Two dedicated Maison Des Jeunes Youth Workers are on a Mission to let West Islanders know "We are not a place for bad kids. You don't know their backgrounds."
While driving up the hustle and bustle of Sources boulevard, it's rather easy to miss one of the two tiny houses located just off of Ross street. Perhaps, those who take notice of this tiny Pierrefonds building may assume it's merely a residence whose owners have no intention of selling. Others may think it's a property waiting to be commercialized. Those two things will never happen as the house on 4855 Sources Blvd. may be one of the most important and crucial refuges for West Island youth.
Welcome to 'Maison Des Jeunes': a free, non-profit organization where West Islanders, ages 12-17 work with wonderful mentors that guide them to achieve their fullest potential. The centre is also known for creating an after-school environment where youth can go for homework help, socialize with others as well as have important and meaningful discussions with their mentors and friends. However, even though 'MDJ' is an important location to motivate and inspire teenagers, it is in dire need of help from all West Islanders.
Kris Artuso spoke to MDJ Coordinator, Alicia Piercy and Youth Worker, Samantha D'Amico in a West Island News Exclusive Interview.
Kris: If you had to give the perfect description of MDJ, what would it be?
Alicia: We like to think of ourselves as a resource and prevention centre. Our primary goal is to work with youth and give them tips, resources, and activities for support before something happens. We do a lot of work on social skills, stress management and on top of that, since we form such a strong relationship with them, if we realize that one of them has an issue they need more support with (going to the CLSC, visit a psychologist, etc.) we'll also offer accompaniment. Not in the actual appointment, of course, but we'll go with them, show them the ropes, and offer that support.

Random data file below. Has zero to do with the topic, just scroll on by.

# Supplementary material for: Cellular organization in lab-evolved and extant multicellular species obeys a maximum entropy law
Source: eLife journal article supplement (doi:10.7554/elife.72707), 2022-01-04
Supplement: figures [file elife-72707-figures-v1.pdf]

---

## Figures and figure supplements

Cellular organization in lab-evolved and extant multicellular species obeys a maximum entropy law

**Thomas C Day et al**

Kris: What do you mean by "before something happens"?
Samantha: It's happened before where a youth is going through a problem... and any youth from any background goes through problems, by the way. We create a support system. We had a youth come in afraid that her friend was dealing with an eating disorder. She had no idea how to approach it. We're not medical experts in treating eating disorders per se, but we are equipped with many recourses and contacts to give the youth. It's part of harm reduction.
Alicia: We are not psychologists, doctors or social workers. That's not our position. Our role is to support. We really focus on providing the youth with the tools that they may need to overcome obstacles.
Samantha: It's important that we provide a safe space where they feel comfortable talking to us .
Alicia: There have been times when we realized that a youth may need extra support, be it suicide intervention, calling a social worker, needing to go to the CLSC - or even if they are struggling with personal relationships. We can be that support but we'd also offer those external resources (psychologist, rehabilitation) right away and provide accompaniment if they wanted.
Samantha: In an extreme case, if we notice a youth may have a drinking problem or we've noticed they're coping with drugs... well, we're not in a position to scold them or tell them how we think they should live their life. We would approach it by maybe asking, "We've noticed that this may be a pattern, do you think it is?" or we'll sit down and say, "let's talk about this situation so that you may know what you're consuming and the consequences of what you're doing."